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Editorial: Common sense prevails on frat

  • Fraternity house mug shot, January 2, 2013<br/><br/>SARAH CROSBY

    Fraternity house mug shot, January 2, 2013

    SARAH CROSBY

  • SARAH CROSBY<br/>This building at 778 North Pleasant St. in Amherst was formerly occupied by the Delta Upsilon fraternity which has been dissolved at the University of Massachusetts. The house, now occupied by members of the Alpha Delta Phi fraternity, is scheduled to be auctioned Thursday.

    SARAH CROSBY
    This building at 778 North Pleasant St. in Amherst was formerly occupied by the Delta Upsilon fraternity which has been dissolved at the University of Massachusetts. The house, now occupied by members of the Alpha Delta Phi fraternity, is scheduled to be auctioned Thursday.

  • Fraternity house mug shot, January 2, 2013<br/><br/>SARAH CROSBY
  • SARAH CROSBY<br/>This building at 778 North Pleasant St. in Amherst was formerly occupied by the Delta Upsilon fraternity which has been dissolved at the University of Massachusetts. The house, now occupied by members of the Alpha Delta Phi fraternity, is scheduled to be auctioned Thursday.

The University of Massachusetts Amherst did the right thing this fall when it disbanded a longtime campus fraternity that appeared to have little regard for rules. After 32 years as a UMass fraternity, Delta Upsilon no longer exists.

Its former quarters were auctioned off Thursday. Its members no longer have a fraternity to pledge to, having been dropped by the national organization that governs campus chapters.

The move came after a series of missteps and bad behavior on the part of the fraternity chapter, the latest of which came in 2011 when a fraternity member and UMass student fell from the pitched roof of the frat house at 778 North Pleasant St. The student was badly injured and fell into a coma, but has recovered.

While partying at UMass is common, the student’s fall suggests the frat was out of control.

That incident was not the only sign of trouble at Delta Upsilon. In 2001, its frat house burned down and 23 students who lived there lost most of their belongings. It’s lucky nobody was hurt in a blaze authorities blamed on an unattended candle, but which a former frat member said was ignited by electrical wires.

After that incident, the state brought charges of disabling fire alarms against the fraternity because it had covered at least one smoke detector with plastic. In 2003, the alumni group that owned the property rebuilt a house using insurance proceeds and donations from alumni.

The frat house drew police to respond to trouble on occasion, including in 2008 for a reported fight between fraternity members and in 2010 for a report of objects being thrown at passing cars. The chapter also was dealing with mounting financial troubles.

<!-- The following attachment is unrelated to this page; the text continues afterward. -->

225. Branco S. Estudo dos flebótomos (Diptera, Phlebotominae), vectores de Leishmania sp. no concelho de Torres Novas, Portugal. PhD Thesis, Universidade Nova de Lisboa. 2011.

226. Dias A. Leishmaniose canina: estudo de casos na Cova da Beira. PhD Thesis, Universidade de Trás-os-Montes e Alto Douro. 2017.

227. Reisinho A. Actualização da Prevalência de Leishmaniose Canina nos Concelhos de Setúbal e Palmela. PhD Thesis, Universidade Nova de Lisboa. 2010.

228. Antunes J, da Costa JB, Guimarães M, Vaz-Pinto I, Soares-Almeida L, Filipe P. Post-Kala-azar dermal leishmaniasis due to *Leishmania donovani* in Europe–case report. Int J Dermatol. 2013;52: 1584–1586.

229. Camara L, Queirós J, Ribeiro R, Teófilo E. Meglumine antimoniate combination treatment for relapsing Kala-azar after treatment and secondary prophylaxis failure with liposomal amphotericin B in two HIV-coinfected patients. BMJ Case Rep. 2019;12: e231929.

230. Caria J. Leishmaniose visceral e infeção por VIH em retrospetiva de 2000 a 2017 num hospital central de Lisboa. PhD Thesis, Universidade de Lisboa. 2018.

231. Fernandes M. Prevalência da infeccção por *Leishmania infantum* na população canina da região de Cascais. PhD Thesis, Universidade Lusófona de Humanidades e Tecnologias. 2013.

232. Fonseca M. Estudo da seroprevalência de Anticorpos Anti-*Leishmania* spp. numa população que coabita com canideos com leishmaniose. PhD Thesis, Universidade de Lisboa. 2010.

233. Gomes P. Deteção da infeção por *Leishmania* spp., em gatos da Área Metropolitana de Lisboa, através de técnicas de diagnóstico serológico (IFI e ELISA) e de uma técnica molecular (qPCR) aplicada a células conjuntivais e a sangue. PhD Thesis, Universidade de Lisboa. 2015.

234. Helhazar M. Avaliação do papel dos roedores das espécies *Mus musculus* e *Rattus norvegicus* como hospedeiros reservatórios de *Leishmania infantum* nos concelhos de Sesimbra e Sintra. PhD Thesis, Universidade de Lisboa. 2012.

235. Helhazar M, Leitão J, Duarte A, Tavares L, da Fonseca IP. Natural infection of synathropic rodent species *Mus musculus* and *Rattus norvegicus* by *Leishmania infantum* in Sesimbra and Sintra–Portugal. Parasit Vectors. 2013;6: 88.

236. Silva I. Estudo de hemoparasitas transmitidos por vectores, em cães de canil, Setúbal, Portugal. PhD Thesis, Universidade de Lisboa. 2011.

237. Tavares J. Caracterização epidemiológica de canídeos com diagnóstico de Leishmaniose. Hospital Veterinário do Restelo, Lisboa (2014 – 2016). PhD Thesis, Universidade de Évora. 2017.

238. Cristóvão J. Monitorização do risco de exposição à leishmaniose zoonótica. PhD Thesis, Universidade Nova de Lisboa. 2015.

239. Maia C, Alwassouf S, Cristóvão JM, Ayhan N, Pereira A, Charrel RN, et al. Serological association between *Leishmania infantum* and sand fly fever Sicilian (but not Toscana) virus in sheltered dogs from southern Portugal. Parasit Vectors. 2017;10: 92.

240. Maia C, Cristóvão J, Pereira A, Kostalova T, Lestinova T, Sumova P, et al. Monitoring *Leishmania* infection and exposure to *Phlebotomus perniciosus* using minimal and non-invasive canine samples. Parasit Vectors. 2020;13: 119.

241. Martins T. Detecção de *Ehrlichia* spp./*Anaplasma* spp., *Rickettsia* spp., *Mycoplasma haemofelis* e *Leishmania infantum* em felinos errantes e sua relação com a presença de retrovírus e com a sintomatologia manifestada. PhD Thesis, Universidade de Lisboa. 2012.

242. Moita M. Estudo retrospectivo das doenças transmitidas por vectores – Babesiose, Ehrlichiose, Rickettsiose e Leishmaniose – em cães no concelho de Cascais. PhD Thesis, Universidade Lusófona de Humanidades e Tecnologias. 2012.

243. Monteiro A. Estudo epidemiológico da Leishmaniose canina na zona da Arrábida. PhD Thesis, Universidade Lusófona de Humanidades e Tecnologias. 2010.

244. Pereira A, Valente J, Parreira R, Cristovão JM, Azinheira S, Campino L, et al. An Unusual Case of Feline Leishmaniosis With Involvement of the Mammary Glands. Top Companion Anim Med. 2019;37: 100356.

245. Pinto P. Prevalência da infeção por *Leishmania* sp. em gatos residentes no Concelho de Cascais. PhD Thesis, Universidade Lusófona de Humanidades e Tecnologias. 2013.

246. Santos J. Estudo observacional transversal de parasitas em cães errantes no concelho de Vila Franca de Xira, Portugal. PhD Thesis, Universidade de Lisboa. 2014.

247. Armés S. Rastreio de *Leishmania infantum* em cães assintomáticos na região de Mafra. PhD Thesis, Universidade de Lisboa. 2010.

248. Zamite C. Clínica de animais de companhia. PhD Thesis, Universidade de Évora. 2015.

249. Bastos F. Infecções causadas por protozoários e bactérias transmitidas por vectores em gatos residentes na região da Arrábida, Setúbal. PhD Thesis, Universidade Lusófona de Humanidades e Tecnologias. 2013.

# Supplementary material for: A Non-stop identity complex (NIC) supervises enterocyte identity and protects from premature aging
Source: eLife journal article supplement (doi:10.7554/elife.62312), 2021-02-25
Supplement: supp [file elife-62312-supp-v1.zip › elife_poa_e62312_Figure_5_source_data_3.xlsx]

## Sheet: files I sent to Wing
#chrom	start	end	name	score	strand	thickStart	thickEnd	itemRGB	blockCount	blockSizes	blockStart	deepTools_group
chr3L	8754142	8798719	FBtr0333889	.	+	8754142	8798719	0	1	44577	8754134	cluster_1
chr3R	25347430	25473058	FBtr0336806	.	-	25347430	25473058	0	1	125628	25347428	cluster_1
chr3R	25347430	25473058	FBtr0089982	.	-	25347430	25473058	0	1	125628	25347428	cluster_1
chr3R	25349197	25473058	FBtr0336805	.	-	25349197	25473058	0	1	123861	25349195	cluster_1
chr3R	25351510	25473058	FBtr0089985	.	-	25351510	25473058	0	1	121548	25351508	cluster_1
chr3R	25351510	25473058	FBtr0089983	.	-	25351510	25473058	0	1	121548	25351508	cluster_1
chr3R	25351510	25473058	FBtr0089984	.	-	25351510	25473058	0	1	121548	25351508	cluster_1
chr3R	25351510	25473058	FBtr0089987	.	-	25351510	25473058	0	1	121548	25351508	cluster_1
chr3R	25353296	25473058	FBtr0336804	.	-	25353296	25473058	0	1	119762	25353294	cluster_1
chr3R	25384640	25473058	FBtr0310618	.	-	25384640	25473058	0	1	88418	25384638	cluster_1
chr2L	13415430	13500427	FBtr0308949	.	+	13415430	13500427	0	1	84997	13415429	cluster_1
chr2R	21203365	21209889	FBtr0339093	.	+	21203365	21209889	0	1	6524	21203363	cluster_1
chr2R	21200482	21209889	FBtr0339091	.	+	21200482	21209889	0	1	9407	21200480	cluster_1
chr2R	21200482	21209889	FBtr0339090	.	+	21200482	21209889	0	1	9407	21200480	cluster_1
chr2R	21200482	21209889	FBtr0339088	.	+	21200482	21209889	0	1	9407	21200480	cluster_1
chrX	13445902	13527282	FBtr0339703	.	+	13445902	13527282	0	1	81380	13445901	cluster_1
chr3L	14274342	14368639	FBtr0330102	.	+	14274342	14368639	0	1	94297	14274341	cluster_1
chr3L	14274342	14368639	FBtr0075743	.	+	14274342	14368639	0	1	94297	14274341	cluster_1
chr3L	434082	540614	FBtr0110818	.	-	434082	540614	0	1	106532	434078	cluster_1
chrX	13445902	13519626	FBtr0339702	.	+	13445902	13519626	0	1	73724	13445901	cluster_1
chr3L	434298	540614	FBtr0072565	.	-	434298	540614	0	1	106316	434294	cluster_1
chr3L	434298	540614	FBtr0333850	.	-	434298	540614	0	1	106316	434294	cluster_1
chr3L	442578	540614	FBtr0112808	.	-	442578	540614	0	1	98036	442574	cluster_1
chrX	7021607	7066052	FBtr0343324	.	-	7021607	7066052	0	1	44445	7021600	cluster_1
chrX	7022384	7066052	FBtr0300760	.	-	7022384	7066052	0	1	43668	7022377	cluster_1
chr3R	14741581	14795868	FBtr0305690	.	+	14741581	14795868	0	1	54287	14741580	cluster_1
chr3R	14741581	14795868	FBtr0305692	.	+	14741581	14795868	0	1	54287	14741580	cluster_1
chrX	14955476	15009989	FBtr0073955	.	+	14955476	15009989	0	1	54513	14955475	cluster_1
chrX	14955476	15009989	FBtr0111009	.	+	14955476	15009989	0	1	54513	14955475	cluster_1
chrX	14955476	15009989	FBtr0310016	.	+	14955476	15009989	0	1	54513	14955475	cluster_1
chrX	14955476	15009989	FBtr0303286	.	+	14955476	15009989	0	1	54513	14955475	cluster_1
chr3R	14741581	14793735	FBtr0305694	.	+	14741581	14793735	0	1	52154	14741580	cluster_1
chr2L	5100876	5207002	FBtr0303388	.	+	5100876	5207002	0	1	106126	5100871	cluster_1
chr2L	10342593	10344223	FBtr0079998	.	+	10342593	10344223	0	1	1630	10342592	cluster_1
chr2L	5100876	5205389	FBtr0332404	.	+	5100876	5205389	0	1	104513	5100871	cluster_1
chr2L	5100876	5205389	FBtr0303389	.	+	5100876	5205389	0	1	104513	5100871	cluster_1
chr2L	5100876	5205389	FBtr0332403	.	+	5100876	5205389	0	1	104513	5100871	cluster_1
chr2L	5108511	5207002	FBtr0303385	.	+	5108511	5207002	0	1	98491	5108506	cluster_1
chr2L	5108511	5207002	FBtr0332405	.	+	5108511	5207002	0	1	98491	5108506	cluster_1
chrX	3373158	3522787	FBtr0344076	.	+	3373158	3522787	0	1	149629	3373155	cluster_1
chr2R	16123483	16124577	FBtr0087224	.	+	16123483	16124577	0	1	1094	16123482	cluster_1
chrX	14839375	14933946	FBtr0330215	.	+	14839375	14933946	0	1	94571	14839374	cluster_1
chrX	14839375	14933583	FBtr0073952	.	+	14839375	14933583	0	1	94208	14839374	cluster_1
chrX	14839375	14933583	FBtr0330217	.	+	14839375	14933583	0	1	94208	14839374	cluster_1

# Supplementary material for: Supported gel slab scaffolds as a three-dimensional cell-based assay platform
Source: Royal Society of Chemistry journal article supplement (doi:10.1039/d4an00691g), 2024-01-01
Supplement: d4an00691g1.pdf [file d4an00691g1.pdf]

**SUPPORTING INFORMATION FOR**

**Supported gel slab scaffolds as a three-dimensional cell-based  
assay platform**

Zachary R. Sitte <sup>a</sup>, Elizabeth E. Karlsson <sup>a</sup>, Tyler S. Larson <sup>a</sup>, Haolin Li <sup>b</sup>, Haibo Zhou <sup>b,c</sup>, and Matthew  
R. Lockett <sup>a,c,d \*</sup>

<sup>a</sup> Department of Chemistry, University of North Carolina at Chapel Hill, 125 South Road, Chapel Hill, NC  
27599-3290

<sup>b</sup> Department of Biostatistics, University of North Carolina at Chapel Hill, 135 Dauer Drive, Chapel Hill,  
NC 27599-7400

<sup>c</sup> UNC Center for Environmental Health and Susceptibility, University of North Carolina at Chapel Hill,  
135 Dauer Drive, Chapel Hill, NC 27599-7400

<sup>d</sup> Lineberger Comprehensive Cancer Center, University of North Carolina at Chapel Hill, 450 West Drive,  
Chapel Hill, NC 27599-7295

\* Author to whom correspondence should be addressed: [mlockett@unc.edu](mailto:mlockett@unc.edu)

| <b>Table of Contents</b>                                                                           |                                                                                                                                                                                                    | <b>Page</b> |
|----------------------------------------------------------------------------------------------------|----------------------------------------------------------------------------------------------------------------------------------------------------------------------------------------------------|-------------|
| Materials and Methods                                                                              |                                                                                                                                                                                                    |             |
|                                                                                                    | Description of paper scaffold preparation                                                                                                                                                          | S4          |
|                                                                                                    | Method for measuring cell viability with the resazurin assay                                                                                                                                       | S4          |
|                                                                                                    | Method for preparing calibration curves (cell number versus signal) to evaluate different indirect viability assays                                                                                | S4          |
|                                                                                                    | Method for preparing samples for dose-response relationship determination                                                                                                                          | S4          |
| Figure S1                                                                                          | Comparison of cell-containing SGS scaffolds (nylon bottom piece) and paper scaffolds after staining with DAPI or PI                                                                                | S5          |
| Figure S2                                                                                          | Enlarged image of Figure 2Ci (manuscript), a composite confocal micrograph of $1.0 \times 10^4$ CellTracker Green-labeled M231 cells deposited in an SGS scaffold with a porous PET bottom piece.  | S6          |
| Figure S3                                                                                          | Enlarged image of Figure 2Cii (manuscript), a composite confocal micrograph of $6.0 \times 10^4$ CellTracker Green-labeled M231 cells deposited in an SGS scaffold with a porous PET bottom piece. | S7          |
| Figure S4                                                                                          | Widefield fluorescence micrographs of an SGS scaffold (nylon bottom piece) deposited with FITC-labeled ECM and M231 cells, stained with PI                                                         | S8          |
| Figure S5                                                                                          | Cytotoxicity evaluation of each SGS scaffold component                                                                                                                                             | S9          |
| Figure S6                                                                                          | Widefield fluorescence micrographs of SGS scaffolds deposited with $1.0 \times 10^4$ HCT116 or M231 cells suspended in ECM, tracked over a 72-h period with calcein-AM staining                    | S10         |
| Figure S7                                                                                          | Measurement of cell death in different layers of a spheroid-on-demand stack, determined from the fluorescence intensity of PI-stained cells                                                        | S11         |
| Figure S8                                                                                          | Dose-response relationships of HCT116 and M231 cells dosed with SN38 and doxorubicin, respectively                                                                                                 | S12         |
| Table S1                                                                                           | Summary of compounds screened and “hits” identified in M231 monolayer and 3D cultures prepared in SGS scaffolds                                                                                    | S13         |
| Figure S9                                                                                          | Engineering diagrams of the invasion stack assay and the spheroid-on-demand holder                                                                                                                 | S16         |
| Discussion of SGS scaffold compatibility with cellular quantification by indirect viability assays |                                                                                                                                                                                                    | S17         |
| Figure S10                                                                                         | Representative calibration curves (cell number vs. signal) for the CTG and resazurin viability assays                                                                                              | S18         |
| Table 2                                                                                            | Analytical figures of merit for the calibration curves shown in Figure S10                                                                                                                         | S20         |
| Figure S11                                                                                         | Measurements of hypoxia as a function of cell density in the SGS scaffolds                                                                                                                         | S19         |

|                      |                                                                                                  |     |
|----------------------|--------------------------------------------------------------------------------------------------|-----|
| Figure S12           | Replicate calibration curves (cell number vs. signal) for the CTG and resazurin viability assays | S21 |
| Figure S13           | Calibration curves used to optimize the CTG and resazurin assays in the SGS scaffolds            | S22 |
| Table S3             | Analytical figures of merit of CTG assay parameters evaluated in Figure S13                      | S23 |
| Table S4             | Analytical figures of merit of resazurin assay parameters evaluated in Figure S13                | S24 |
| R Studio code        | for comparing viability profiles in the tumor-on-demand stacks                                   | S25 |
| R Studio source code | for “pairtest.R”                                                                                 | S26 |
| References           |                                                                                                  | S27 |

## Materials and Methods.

Taken individually, any one of these incidents might be passed off as college students blowing off steam, or examples of young people making bad decisions. But put together, it goes beyond antics to behaviors that put lives at risk.

After the student fell from the roof in 2011, Delta Upsilon International Fraternity in Indianapolis suspended the UMass chapter, and last April dropped the chapter from its roster entirely.

UMass took similar action this fall, and the fraternity’s mounting financial problems led to the auctioning of its former frat house.

Now living in the building are members of Alpha Delta Phi fraternity, but the property’s new owner, Scott F. Garrett of Fairfield, Conn., (who was formerly the mortgage holder of the property) told the Gazette he wants to make sure its members behave in a more acceptable way. To that end, he said, he intends to have a graduate student or non-fraternity member live in the house to help supervise the new fraternity dwelling there.

Indeed, UMass is taking steps to have a non-member supervisor in every chapter house where UMass students reside.

In our view, that is a good step, because a house full of college students with no adult supervision can become, as Garrett told a Gazette reporter this week, “a recipe for disaster.”

There are 20 fraternities and 15 sororities at UMass, the vast majority of whose members exhibit good judgement and exemplary behavior. In fact, many UMass fraternities and sororities make community service a core part of their mission.

By taking steps to remove a fraternity that has lost its way, the university helps protect the good name and reputation of the rest of the fraternities and sororities who have done nothing wrong.

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